|Other names||Drumstick fingers, digital clubbing, watch-glass nails|
Nail clubbing, also known as digital clubbing or clubbing, is a deformity of the finger or toe nails associated with a number of diseases, mostly of the heart and lungs.When it occurs together with joint effusions, joint pains, and abnormal skin and bone growth it is known as hypertrophic osteoarthropathy.
A nail is a horn-like keratinous envelope covering the tips of the fingers and toes in most primates. Nails evolved from claws found in other animals. Fingernails and toenails are made of a tough protective protein called alpha-keratin which is found in the hooves, hair, claws and horns of vertebrates.
A joint effusion is the presence of increased intra-articular fluid. It may affect any joint. Commonly it involves the knee.
Hypertrophic osteoarthropathy is a medical condition combining clubbing and periostitis of the small hand joints, especially the distal interphalangeal joints and the metacarpophalangeal joints. Distal expansion of the long bones as well as painful, swollen joints and synovial villous proliferation are often seen. The condition may occur alone (primary), or it may be secondary to diseases like lung cancer. It is especially associated with non-small cell lung carcinoma. These patients often get clubbing and increased bone deposition on long bones. Their presenting symptoms are sometimes only clubbing and painful ankles.
Clubbing is associated with lung cancer, lung infections, interstitial lung disease, cystic fibrosis, or cardiovascular disease.Clubbing may also run in families, and occur unassociated with other medical problems.
Lung cancer, also known as lung carcinoma, is a malignant lung tumor characterized by uncontrolled cell growth in tissues of the lung. This growth can spread beyond the lung by the process of metastasis into nearby tissue or other parts of the body. Most cancers that start in the lung, known as primary lung cancers, are carcinomas. The two main types are small-cell lung carcinoma (SCLC) and non-small-cell lung carcinoma (NSCLC). The most common symptoms are coughing, weight loss, shortness of breath, and chest pains.
Interstitial lung disease (ILD), or diffuse parenchymal lung disease (DPLD), is a group of lung diseases affecting the interstitium (the tissue and space around the alveoli. It concerns alveolar epithelium, pulmonary capillary endothelium, basement membrane, and perivascular and perilymphatic tissues. It may occur when an injury to the lungs triggers an abnormal healing response. Ordinarily, the body generates just the right amount of tissue to repair damage, but in interstitial lung disease, the repair process goes awry and the tissue around the air sacs becomes scarred and thickened. This makes it more difficult for oxygen to pass into the bloodstream. The term ILD is used to distinguish these diseases from obstructive airways diseases.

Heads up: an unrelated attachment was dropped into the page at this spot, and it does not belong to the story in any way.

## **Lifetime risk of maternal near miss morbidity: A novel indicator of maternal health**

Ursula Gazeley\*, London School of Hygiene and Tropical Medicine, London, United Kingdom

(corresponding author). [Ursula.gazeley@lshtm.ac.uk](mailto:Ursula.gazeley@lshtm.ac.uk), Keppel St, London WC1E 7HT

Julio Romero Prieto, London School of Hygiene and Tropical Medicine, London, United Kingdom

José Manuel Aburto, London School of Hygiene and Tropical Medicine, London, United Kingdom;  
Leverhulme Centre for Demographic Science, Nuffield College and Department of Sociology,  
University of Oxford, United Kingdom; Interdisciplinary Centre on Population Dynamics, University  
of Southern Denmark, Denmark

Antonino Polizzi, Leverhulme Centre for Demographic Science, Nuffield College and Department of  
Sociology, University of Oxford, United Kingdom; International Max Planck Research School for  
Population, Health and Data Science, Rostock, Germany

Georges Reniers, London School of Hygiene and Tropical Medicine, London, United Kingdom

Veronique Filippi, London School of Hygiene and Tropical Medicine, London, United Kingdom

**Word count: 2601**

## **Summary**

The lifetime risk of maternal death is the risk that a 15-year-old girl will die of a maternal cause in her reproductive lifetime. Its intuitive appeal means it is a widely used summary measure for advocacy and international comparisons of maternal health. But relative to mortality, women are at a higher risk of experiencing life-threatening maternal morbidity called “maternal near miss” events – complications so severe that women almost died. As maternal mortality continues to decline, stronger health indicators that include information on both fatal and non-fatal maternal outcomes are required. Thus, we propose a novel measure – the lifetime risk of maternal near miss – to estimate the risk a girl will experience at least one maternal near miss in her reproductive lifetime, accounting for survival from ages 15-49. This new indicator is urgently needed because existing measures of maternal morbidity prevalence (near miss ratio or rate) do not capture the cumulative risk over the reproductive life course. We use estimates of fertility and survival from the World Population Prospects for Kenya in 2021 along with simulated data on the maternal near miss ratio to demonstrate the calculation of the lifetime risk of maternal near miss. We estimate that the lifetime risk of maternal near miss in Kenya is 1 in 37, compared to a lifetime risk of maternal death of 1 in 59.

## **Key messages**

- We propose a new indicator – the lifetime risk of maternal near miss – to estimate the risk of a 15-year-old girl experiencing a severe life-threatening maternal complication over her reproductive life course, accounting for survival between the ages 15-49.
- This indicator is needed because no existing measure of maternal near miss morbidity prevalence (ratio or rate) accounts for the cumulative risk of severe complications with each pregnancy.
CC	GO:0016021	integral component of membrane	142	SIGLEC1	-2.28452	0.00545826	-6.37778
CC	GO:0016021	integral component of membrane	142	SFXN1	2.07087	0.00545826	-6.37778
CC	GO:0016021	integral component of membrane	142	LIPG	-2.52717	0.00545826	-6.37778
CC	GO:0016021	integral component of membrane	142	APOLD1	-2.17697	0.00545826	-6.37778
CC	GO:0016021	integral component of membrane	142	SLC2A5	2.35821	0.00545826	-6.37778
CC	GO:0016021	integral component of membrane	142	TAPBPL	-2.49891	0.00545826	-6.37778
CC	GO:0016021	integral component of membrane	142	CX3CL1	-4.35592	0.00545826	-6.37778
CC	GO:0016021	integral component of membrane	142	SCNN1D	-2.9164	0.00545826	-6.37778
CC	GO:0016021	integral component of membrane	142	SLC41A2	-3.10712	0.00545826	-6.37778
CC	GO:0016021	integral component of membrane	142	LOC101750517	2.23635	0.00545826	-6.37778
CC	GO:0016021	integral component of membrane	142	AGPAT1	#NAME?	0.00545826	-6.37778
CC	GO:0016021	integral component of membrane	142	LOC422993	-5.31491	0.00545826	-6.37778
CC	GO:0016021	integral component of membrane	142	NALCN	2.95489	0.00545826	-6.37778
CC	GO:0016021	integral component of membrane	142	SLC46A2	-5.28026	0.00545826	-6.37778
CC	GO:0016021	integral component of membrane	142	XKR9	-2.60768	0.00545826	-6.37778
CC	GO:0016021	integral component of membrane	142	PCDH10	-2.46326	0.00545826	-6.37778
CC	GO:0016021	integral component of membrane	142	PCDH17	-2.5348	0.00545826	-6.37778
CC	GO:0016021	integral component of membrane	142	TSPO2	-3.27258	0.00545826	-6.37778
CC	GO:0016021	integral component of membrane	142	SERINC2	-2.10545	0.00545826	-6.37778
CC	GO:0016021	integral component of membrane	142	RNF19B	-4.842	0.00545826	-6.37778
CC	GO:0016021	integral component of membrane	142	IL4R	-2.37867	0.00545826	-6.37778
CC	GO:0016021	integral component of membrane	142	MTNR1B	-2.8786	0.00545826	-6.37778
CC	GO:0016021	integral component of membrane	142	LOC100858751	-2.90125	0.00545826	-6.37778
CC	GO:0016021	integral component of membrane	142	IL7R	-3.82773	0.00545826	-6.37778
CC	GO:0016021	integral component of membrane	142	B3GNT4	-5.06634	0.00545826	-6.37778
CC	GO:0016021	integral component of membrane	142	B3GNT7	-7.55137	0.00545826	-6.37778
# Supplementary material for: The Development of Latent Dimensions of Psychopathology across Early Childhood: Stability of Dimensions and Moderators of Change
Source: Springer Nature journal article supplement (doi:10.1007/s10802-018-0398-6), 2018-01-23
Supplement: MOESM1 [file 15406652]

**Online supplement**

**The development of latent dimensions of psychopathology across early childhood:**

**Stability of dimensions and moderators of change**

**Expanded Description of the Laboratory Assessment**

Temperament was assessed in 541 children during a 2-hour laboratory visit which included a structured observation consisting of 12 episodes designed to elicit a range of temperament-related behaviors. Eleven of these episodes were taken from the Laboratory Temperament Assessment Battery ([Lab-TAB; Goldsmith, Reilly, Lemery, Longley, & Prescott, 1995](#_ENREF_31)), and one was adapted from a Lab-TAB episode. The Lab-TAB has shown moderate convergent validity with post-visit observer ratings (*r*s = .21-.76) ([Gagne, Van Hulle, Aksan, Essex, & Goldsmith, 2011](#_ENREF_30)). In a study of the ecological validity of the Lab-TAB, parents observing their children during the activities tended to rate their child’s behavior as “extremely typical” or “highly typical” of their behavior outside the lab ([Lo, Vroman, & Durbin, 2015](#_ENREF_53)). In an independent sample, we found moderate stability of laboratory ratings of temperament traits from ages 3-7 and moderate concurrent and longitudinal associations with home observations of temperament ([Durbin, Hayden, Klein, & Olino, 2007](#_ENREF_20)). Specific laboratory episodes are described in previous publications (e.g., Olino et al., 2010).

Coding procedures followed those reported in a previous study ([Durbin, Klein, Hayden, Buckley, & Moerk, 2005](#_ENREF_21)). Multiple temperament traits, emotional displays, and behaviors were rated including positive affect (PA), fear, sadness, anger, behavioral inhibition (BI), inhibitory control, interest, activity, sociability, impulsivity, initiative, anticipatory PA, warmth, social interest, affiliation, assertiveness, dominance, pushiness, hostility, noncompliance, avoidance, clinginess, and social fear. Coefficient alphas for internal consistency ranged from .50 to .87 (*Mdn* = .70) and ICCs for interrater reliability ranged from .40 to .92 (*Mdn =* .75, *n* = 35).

Cystic fibrosis (CF) is a genetic disorder that affects mostly the lungs, but also the pancreas, liver, kidneys, and intestine. Long-term issues include difficulty breathing and coughing up mucus as a result of frequent lung infections. Other signs and symptoms may include sinus infections, poor growth, fatty stool, clubbing of the fingers and toes, and infertility in most males. Different people may have different degrees of symptoms.
The incidence of clubbing is unknown; it was present in about 1% of people admitted to an internal medicine unit of a hospital.Clubbing has been recognized as a sign of disease since the time of Hippocrates.
Internal medicine is the medical specialty dealing with the prevention, diagnosis, and treatment of adult diseases. Physicians specializing in internal medicine are called internists, or physicians in Commonwealth nations. Internists are skilled in the management of patients who have undifferentiated or multi-system disease processes. Internists care for hospitalized and ambulatory patients and may play a major role in teaching and research.
Hippocrates of Kos, also known as Hippocrates II, was a Greek physician of the Age of Pericles, who is considered one of the most outstanding figures in the history of medicine. He is often referred to as the "Father of Medicine" in recognition of his lasting contributions to the field as the founder of the Hippocratic School of Medicine. This intellectual school revolutionized medicine in ancient Greece, establishing it as a discipline distinct from other fields with which it had traditionally been associated, thus establishing medicine as a profession.
Clubbing is associated with:
An empyema is a collection or gathering of pus within a naturally existing anatomical cavity. For example, pleural empyema is empyema of the pleural cavity. It must be differentiated from an abscess, which is a collection of pus in a newly formed cavity. The term is from Greek ἐμπύημα, "abscess".
Bronchiectasis is a disease in which there is permanent enlargement of parts of the airways of the lung. Symptoms typically include a chronic cough with mucus production. Other symptoms include shortness of breath, coughing up blood, and chest pain. Wheezing and nail clubbing may also occur. Those with the disease often get frequent lung infections.
Mesothelioma is a type of cancer that develops from the thin layer of tissue that covers many of the internal organs. The most common area affected is the lining of the lungs and chest wall. Less commonly the lining of the abdomen and rarely the sac surrounding the heart, or the sac surrounding the testis may be affected. Signs and symptoms of mesothelioma may include shortness of breath due to fluid around the lung, a swollen abdomen, chest wall pain, cough, feeling tired, and weight loss. These symptoms typically come on slowly.